It’s nice to see that the City of Seattle has applied new paint on some of the rainbow pedestrian crossings here on Capitol Hill.
I guess it’s too bad we cannot stop pedestrians and traffic from dirtying them up all over again, right?
Should a city such as Seattle with really expensive housing costs, adopt rent control* measures? Maybe, but probably not.
It usually turns out that rent control creates a whole new set of problems. Renowned economist Paul Krugman writes that rent control inhibits construction of new housing, creates bitter tenant–landlord relations, and in markets with not all apartments under rent control, causes an increase in rents for uncontrolled units.
A better approach for city councils could be to provide housing subsidies or tax credits to renters.
*Rent control or rent regulation is a system of laws, administered by a court or a public authority, which aim to ensure the affordability of housing and tenancies on the rental market for dwellings. [Source: Wikipedia]
I stopped for a moment on the way to the dentist this morning, to take a picture of the colorful rainbow flag at the entrance of the new Hyatt Regency. (June is Gay Pride month).
I found this wabbit* right here on 17th Avenue on Capitol Hill tonight. He was not too skittish. In fact, he rolled around for a bit in the flower bed dirt after he had spotted me.
*It’s an eastern cottontail rabbit (Sylvilagus floridanus).
I see on the message boards that long-time residents think there is a bit of a rabbit invasion going on – an influx into Capitol Hill from other large green spaces such as the one around Husky Stadium.
Says one commenter: ‘Rabbits are a pest and an invasive species’. I think that is correct; they are prolific breeders.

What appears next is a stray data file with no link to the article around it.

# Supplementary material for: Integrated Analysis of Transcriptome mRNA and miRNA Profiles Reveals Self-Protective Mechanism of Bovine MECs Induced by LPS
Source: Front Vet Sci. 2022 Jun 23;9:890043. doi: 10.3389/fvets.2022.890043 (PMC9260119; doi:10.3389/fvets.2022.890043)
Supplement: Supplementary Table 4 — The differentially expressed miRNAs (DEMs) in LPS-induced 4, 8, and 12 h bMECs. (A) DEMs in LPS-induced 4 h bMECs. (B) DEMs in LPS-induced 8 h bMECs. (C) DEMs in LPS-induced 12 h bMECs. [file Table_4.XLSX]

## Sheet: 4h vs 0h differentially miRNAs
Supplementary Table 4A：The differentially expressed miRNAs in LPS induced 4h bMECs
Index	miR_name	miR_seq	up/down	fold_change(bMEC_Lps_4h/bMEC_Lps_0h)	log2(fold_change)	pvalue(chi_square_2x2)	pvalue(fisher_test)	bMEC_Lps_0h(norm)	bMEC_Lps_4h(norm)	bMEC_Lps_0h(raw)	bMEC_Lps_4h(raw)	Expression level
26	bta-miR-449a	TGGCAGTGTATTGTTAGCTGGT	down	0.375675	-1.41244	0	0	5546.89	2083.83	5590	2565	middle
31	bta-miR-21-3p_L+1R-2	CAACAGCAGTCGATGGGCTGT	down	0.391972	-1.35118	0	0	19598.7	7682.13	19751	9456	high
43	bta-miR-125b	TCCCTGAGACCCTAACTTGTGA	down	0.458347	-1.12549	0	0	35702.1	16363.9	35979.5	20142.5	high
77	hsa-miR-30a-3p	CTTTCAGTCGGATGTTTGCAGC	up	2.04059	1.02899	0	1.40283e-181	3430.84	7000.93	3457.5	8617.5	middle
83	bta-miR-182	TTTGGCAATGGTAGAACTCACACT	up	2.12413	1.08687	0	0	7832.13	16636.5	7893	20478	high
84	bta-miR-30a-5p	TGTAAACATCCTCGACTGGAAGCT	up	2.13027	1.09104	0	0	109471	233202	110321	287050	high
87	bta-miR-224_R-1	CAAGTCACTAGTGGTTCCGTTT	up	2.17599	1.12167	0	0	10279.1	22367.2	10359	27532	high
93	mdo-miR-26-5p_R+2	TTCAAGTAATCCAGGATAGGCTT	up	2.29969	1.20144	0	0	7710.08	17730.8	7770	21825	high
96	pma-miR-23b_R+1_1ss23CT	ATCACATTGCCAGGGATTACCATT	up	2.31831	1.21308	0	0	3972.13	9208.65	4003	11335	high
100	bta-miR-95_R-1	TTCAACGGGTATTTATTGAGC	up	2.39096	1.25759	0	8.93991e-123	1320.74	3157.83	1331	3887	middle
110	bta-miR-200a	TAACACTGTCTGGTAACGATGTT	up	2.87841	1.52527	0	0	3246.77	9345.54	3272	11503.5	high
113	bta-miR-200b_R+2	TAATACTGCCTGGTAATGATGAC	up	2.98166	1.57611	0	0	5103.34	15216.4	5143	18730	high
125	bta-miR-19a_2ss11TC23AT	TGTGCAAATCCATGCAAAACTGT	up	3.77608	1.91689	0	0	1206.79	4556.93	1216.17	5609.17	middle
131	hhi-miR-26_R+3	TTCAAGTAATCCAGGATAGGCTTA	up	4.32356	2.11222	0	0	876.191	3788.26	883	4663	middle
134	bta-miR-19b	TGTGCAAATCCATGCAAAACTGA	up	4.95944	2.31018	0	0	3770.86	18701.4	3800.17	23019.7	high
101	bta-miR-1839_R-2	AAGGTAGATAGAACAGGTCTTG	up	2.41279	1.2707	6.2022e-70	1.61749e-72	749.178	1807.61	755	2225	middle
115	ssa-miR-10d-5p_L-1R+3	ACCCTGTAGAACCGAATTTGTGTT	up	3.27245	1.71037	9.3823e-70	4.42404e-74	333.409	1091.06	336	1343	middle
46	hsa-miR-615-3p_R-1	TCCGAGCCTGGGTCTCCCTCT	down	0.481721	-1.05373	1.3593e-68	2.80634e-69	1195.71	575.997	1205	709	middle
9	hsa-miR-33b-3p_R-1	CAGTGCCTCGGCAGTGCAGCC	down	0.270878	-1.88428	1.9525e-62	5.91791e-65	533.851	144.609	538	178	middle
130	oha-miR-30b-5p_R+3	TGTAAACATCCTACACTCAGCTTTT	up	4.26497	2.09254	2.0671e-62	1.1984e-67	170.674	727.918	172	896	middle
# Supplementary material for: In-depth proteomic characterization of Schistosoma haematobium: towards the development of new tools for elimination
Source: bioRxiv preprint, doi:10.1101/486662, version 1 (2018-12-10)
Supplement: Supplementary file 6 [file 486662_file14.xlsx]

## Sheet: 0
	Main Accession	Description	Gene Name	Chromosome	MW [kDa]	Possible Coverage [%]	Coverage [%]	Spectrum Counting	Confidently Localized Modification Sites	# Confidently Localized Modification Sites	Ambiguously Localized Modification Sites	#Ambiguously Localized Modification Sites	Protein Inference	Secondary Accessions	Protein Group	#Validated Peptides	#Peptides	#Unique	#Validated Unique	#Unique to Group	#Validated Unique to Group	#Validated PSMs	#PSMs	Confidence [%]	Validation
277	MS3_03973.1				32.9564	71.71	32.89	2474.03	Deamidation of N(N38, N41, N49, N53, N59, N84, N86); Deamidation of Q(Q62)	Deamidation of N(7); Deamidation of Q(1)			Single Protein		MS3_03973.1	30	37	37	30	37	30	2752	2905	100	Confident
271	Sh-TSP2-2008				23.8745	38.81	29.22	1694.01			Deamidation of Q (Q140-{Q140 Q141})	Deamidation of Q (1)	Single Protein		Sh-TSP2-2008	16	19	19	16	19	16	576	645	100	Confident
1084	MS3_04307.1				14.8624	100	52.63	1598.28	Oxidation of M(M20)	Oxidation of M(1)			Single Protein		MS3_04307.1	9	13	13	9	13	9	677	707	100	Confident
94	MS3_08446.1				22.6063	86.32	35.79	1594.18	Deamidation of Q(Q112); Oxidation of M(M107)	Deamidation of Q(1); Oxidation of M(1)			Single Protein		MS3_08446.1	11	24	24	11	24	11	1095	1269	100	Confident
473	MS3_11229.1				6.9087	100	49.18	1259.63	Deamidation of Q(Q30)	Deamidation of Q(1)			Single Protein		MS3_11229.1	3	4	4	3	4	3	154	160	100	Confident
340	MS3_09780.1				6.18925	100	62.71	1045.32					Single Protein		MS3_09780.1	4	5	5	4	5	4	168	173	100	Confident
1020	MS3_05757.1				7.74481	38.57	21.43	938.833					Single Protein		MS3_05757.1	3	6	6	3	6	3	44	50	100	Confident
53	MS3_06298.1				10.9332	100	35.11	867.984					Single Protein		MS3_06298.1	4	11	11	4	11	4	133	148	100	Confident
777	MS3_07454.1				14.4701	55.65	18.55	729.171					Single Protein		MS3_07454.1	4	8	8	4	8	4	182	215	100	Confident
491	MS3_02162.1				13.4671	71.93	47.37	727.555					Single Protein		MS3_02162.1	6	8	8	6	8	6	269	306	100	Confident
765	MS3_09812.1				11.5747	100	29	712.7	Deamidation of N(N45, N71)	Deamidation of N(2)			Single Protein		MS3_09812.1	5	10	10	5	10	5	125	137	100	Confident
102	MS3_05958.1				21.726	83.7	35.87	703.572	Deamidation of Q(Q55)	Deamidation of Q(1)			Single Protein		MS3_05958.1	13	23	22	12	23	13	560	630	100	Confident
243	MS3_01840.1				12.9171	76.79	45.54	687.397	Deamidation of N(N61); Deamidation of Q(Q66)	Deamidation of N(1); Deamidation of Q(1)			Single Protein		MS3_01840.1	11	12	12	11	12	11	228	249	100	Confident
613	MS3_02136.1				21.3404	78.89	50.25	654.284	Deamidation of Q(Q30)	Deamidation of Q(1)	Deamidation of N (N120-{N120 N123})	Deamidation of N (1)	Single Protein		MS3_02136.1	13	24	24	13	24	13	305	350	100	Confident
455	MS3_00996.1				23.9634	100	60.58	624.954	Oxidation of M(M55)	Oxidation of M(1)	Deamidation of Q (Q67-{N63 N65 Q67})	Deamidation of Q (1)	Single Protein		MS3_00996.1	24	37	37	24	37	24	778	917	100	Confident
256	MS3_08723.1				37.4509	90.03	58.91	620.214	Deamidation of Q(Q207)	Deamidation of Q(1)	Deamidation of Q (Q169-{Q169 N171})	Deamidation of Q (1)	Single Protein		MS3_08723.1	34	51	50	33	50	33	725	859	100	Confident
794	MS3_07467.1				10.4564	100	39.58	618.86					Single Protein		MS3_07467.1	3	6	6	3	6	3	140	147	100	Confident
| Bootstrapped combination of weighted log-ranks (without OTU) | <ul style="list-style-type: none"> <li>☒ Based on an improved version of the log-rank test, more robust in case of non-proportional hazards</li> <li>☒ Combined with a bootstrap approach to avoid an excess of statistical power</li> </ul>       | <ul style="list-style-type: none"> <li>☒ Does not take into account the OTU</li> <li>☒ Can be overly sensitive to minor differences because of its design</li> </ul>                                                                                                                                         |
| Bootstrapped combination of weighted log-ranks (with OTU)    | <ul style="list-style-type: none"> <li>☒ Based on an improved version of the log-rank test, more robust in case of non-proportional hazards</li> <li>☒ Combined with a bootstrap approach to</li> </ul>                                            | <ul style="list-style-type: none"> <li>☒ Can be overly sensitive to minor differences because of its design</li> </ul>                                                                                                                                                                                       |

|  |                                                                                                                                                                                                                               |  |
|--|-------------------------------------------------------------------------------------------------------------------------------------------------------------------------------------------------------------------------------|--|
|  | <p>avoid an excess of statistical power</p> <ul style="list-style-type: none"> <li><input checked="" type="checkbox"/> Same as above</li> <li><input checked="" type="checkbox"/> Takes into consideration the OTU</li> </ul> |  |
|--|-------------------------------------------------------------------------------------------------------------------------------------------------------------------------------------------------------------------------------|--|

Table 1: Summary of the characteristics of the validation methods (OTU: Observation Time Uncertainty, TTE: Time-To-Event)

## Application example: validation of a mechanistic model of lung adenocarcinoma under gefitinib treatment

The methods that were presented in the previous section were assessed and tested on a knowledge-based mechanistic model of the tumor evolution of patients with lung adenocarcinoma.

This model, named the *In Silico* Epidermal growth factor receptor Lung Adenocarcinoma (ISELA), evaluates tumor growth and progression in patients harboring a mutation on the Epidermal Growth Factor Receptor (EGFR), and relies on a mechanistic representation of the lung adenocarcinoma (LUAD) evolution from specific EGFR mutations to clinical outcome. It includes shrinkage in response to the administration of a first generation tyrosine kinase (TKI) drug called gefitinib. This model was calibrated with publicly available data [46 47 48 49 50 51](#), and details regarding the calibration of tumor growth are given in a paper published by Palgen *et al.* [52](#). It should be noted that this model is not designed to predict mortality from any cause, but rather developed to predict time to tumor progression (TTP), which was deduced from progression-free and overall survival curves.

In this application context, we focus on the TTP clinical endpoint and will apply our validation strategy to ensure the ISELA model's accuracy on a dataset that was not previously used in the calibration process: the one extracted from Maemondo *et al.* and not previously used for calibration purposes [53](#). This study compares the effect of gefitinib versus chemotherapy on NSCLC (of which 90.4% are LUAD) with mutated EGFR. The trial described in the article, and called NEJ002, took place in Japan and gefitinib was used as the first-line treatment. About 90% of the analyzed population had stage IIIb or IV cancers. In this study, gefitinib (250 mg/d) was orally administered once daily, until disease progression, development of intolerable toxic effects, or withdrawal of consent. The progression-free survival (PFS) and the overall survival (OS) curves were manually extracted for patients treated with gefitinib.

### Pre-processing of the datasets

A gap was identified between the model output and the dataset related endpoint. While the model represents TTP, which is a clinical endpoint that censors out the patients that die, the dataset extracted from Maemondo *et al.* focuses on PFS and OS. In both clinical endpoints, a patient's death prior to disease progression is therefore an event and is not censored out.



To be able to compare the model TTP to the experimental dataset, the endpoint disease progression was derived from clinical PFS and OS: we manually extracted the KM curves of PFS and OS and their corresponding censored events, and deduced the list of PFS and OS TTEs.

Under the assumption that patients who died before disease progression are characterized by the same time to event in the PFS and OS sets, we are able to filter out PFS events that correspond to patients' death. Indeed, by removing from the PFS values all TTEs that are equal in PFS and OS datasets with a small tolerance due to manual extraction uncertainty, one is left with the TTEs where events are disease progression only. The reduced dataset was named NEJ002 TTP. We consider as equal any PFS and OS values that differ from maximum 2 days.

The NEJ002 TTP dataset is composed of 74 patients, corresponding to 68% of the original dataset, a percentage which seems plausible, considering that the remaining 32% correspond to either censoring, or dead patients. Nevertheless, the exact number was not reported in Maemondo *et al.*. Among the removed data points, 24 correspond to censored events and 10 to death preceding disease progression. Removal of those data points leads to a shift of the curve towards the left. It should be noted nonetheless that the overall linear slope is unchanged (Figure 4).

‘People are an invasive species’ retorted another. I think that is a true statement as well.
A rose is a rose is a rose
– Gertrude Stein, from the 1913 poem ‘Sacred Emily’
[From Wikipedia] Among Stein’s most famous quotations, this line is often interpreted as meaning ‘things are what they are’, a statement of the law of identity, ‘A is A’. In Stein’s view, the sentence expresses the fact that simply using the name of a thing already invokes the imagery and emotions associated with it.
A whale was struck on Tuesday night by the same ferry we had been on earlier in the day. Eyewitnesses said that the whale had breached right in front of the ferry, barely 3 minutes after the ferry had left Colman Dock in Seattle. There really was nothing that could be done to avoid the collision.
It was a juvenile humpback whale that was struck, and the blow to the animal was likely fatal. The ferry is so large and heavy that the impact was barely felt on the vessel. The US Coast Guard is now on the lookout for the wounded or dead whale. As of Wednesday night, no sighting of the whale had been reported.
From KUOW.org: While the collision may have been a first in the records of Washington State Ferries, humpback whales are becoming more common in Puget Sound and the risk of future collisions with all manners of marine vessels is increasing. Since the late 1980s, humpback whale numbers have shown ‘a remarkable and strong recovery’, says research biologist and whale expert John Calambokidis at Olympia-based Cascadia Research. Their numbers increased more than four fold to approximately 3,000 along California, Oregon and Washington. Commercial whaling was outlawed in 1966.
We took the Kingston Fast Ferry out to Kitsap county today to go to Paul’s for a day or two.
It’s a new ferry service, in place since November 2018.